She took no note of my family. She ran straight to Jesus, where she knelt at his feet and began sobbing. She cried so hard that her tears, like rain, washed over Jesus feet, turning the dirt to mud. Horrified, she undid her long hair, all the while begging, “Please forgive me, Lord. Please forgive.”  She wiped Jesus’ feet clean with her own hair!  Then she kissed his feet and poured the perfume from the jar on to them, gently massaging it into his skin. And Jesus let her do these things!
My horrified father muttered under his breath, “And I thought this man might be a prophet! He does not even know what this woman is!”
Jesus must have excellent hearing, for he heard every word that my father said.
“Simon, I wish to tell you a story,” Jesus announced.
“I know a banker,” Jesus continued, “who was owed money by two men. One owed him fifty silver coins. The other owed him 500 silver coins. Neither could pay his debt, and the banker decided to forgive the debts of both men. Which of these men, Simon, do you think was more grateful to the banker?”
“I do not see what that has to do with anything,” my father retorted, “but I would judge that the man who owed the banker 500 coins would have been the more grateful of the two.”
“You are correct,” Jesus told him. “Those who have been forgiven more are more grateful than those who have been forgiven little.”
Jesus turned back to the woman and placed his hand on her head as he continued speaking to my father. "Simon, I am a guest in your home, yet you did not wash my feet. You did not welcome me with a kiss or anoint my head with olive oil. This woman, on the other hand, has washed my feet with her tears and dried them with her hair. She has  kissed my feet and anointed them with sweet perfume.”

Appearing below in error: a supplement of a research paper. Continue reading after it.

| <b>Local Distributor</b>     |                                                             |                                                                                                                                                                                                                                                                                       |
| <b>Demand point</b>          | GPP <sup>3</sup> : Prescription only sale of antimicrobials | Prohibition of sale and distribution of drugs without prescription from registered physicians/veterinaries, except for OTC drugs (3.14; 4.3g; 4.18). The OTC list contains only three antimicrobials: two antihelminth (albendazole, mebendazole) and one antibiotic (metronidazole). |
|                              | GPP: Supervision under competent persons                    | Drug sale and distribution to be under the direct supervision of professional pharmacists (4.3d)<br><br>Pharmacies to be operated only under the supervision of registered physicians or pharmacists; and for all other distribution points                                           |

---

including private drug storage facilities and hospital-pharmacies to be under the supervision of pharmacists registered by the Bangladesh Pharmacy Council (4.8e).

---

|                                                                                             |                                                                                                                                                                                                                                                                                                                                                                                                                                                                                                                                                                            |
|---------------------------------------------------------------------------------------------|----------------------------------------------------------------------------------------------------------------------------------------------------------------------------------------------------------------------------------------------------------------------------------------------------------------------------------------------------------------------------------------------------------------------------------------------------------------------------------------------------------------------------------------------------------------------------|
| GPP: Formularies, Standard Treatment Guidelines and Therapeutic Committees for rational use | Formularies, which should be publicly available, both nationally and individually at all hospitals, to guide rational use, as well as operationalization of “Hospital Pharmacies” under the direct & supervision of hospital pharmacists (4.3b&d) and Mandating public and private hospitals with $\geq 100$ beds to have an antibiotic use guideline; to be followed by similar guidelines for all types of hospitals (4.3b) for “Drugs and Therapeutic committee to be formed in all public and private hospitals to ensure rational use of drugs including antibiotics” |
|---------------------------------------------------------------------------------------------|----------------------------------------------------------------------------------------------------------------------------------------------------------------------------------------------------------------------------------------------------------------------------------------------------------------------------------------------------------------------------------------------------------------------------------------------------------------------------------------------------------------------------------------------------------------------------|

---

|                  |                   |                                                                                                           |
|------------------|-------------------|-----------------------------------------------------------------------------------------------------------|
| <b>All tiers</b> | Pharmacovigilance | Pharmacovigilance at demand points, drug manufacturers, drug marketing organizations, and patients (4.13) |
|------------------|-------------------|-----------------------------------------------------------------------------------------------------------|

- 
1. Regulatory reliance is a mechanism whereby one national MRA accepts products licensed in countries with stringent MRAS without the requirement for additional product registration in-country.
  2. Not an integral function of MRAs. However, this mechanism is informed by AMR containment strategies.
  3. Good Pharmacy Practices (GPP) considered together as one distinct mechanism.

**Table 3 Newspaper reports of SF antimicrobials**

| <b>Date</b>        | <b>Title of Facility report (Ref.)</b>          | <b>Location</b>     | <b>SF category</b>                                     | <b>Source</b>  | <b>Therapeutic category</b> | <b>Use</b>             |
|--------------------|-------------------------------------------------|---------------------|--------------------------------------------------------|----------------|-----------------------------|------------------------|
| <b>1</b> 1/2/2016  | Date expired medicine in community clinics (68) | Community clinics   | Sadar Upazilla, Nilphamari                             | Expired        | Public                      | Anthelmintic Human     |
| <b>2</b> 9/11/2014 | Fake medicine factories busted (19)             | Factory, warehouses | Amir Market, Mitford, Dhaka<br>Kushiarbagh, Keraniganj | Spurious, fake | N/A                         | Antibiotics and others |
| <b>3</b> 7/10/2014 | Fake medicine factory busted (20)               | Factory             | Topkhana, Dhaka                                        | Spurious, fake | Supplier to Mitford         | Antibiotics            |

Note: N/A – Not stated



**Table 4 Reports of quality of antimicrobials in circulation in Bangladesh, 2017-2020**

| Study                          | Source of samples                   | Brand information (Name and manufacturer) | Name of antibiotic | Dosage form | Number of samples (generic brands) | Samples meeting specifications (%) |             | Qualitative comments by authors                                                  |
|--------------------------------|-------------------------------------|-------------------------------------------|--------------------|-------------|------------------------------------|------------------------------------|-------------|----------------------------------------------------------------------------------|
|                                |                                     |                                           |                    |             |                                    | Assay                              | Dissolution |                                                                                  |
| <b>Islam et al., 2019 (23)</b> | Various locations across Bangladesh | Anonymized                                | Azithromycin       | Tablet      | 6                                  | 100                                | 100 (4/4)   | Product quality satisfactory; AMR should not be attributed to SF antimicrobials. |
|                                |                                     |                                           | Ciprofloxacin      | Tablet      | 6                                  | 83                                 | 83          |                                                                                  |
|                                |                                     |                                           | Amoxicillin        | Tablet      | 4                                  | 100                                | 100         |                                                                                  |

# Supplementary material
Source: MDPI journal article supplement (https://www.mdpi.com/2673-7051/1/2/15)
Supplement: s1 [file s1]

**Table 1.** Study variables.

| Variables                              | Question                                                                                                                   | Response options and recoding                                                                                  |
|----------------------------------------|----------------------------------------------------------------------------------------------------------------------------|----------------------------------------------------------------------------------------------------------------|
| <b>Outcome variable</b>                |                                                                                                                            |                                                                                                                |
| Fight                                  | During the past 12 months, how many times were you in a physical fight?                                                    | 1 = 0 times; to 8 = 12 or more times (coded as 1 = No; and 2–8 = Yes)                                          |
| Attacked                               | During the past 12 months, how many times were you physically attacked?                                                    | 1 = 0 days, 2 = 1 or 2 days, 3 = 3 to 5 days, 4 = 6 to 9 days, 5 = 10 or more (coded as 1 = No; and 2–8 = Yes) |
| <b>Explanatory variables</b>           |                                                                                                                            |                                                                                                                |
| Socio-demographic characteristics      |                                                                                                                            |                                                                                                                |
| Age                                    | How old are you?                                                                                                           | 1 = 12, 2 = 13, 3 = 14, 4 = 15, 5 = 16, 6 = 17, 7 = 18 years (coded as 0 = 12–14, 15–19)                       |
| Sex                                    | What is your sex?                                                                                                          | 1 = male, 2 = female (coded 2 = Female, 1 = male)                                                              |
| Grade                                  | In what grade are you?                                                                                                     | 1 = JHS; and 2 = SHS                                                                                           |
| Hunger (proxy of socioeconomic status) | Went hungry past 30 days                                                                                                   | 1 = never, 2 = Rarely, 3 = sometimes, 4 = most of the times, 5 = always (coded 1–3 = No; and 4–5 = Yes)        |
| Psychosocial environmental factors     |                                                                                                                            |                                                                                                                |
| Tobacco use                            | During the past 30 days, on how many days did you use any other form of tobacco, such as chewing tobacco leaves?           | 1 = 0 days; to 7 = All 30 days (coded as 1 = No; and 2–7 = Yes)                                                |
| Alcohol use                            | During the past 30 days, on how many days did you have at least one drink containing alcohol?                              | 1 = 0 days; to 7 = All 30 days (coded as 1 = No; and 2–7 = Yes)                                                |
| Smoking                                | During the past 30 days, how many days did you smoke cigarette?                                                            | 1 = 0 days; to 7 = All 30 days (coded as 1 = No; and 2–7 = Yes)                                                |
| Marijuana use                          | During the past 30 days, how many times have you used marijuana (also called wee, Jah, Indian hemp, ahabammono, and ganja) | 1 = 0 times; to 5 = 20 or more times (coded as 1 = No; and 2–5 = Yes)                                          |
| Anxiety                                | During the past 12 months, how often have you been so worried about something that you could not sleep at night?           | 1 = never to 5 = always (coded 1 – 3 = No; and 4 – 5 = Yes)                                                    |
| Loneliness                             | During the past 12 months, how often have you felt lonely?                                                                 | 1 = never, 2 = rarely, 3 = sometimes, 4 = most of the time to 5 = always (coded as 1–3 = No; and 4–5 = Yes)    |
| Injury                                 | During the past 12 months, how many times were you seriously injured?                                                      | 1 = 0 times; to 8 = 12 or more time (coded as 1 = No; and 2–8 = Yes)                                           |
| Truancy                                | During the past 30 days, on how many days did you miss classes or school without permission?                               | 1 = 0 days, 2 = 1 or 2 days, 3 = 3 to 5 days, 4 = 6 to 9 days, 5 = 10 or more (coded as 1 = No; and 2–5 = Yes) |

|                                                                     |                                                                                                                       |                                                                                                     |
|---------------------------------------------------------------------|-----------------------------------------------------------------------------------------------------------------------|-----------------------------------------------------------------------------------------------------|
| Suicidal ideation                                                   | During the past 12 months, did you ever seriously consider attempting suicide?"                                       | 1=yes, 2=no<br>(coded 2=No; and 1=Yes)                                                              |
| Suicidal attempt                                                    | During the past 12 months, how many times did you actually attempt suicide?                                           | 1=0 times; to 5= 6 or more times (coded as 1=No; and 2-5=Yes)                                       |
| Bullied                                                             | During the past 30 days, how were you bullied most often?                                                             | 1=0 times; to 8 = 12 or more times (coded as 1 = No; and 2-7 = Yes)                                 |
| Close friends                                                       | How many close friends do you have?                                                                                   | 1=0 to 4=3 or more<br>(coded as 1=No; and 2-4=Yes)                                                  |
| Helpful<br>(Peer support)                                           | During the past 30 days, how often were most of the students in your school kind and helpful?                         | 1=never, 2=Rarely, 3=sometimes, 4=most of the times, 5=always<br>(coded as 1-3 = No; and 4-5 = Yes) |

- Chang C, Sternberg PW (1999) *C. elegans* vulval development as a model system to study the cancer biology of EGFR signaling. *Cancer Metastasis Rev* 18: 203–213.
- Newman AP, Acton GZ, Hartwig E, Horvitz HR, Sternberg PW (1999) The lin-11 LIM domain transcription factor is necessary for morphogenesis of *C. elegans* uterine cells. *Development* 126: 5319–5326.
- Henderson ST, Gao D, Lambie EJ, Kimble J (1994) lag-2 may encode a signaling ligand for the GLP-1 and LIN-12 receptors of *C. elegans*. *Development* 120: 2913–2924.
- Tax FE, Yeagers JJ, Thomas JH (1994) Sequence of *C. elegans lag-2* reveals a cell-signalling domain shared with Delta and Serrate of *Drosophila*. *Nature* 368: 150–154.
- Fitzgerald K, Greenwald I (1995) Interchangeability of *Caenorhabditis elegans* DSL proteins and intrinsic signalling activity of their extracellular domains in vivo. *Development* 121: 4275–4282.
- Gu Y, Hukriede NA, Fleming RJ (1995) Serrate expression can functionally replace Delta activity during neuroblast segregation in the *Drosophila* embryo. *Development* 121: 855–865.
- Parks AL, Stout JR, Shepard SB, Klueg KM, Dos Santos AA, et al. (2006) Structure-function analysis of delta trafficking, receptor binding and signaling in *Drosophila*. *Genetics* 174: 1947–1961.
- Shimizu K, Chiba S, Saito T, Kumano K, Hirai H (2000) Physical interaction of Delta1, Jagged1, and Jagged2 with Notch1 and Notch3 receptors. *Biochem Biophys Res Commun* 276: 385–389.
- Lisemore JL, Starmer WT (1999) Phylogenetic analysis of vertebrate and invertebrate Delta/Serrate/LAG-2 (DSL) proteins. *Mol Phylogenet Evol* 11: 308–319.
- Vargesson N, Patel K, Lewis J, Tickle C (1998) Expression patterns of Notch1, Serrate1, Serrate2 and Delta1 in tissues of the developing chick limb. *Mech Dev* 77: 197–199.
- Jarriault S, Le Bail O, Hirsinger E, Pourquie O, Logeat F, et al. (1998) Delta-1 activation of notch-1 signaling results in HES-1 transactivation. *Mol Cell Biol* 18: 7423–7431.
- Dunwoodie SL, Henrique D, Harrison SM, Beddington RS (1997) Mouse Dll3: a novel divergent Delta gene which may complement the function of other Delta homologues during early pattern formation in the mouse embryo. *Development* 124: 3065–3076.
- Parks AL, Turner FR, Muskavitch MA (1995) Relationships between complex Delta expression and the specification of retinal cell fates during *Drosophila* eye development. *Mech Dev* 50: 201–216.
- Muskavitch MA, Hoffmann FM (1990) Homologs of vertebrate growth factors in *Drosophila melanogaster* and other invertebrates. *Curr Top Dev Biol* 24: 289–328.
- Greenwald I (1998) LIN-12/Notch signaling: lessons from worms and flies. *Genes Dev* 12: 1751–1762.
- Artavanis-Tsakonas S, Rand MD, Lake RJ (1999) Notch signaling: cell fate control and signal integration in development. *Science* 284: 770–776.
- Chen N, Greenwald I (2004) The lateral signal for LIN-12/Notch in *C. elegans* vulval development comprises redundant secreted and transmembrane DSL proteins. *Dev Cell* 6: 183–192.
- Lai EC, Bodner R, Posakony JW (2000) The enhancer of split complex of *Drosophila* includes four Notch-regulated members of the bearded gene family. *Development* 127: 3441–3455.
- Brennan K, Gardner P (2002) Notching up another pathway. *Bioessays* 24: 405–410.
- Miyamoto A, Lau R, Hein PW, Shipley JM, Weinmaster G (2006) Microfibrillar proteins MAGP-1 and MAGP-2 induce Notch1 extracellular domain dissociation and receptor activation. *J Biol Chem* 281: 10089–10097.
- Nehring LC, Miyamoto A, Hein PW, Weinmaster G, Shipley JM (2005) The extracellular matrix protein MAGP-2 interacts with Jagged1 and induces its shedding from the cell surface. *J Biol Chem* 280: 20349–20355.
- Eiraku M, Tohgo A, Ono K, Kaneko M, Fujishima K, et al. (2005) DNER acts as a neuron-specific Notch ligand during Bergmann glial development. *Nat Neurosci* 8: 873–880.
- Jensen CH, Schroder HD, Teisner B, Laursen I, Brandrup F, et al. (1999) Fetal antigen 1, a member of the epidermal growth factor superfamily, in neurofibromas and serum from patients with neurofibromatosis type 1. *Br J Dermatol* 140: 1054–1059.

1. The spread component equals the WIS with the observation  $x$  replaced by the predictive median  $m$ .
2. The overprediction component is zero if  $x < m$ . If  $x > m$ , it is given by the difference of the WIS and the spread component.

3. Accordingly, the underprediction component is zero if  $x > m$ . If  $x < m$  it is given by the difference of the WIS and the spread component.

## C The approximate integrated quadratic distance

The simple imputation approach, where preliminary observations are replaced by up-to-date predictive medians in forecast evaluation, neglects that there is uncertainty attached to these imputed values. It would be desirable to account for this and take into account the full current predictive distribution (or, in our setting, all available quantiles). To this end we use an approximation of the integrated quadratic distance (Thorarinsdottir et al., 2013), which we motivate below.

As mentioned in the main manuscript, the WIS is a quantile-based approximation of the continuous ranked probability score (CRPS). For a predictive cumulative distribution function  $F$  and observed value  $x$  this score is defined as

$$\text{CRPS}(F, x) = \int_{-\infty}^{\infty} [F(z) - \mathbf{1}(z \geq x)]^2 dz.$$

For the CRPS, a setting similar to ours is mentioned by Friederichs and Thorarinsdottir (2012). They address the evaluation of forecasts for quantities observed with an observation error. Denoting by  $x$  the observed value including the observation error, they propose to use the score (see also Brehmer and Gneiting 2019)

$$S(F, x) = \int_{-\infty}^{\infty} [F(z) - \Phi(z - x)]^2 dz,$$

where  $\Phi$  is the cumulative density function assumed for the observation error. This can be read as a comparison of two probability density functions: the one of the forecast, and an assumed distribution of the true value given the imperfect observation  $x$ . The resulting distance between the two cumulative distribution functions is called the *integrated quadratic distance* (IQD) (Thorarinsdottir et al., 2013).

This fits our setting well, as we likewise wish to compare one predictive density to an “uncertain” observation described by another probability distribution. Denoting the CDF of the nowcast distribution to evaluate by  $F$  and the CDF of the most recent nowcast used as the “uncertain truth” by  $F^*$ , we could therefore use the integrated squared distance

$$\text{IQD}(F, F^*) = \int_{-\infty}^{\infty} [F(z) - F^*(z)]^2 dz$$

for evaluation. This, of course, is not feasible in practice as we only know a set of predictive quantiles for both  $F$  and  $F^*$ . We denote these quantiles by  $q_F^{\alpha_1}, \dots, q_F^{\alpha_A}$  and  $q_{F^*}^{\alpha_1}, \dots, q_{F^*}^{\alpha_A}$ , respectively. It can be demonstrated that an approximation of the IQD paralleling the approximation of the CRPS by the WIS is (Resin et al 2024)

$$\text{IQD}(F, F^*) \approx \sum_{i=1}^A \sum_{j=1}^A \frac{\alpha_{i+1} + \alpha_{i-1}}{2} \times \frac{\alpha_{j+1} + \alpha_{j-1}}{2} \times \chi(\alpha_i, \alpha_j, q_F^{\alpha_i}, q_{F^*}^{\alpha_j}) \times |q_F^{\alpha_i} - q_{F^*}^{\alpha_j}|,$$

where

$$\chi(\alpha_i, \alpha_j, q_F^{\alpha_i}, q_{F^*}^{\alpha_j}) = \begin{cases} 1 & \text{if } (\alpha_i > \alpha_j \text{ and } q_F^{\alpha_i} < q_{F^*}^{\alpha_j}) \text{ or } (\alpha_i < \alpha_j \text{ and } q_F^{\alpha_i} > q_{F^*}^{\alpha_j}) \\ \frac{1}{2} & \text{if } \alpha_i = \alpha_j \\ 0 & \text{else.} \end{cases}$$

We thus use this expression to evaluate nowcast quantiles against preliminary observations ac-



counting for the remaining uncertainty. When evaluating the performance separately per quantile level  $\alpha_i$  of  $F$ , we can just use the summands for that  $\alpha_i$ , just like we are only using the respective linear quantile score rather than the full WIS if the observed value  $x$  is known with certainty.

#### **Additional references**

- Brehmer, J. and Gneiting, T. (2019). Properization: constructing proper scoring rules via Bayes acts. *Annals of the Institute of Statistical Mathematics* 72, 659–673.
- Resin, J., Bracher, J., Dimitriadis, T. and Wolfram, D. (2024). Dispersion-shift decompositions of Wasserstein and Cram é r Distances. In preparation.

I could see my father’s face turning red with rage as Jesus told him, “This woman has sinned much, and she will be forgiven much. She will be more grateful for that forgiveness than any Pharisee would be.” Then Jesus said to the woman, “Go, woman. Your sins are forgiven.”
After Jesus left our home, my father and the others laughed. “What makes him think that he has the power to forgive a woman like that?” they roared. “He must think he is God!”
I did not join in the laughter. I did not laugh because I had seen that woman’s face as she left our home. I saw serenity there, and a peace that I cannot begin to understand in one so damaged.
I want that peace.  Tomorrow I will go find this man Jesus. You are welcome to come with me if you like.

Sunday, October 28, 2018

Straddling the Fence


Straddling the Fence

By Linda Goodman
©Linda Goodman 2012

            Recently an old friend sent me an article on building confidence through storytelling. As I read it, my mind rewound to my childhood, when my own crisis of confidence was reaching a boiling point.
            In 1958, my daddy accepted a job at the Norfolk Naval Shipyard and moved our family from the ultra-rural Appalachian Mountains of Wise County, Virginia to Williams Court, an urban slum in Portsmouth, Virginia.  Many of the Mountaineers who had migrated to the Tidewater area of Virginia settled in Williams Court, so we were among our own kind, for the most part.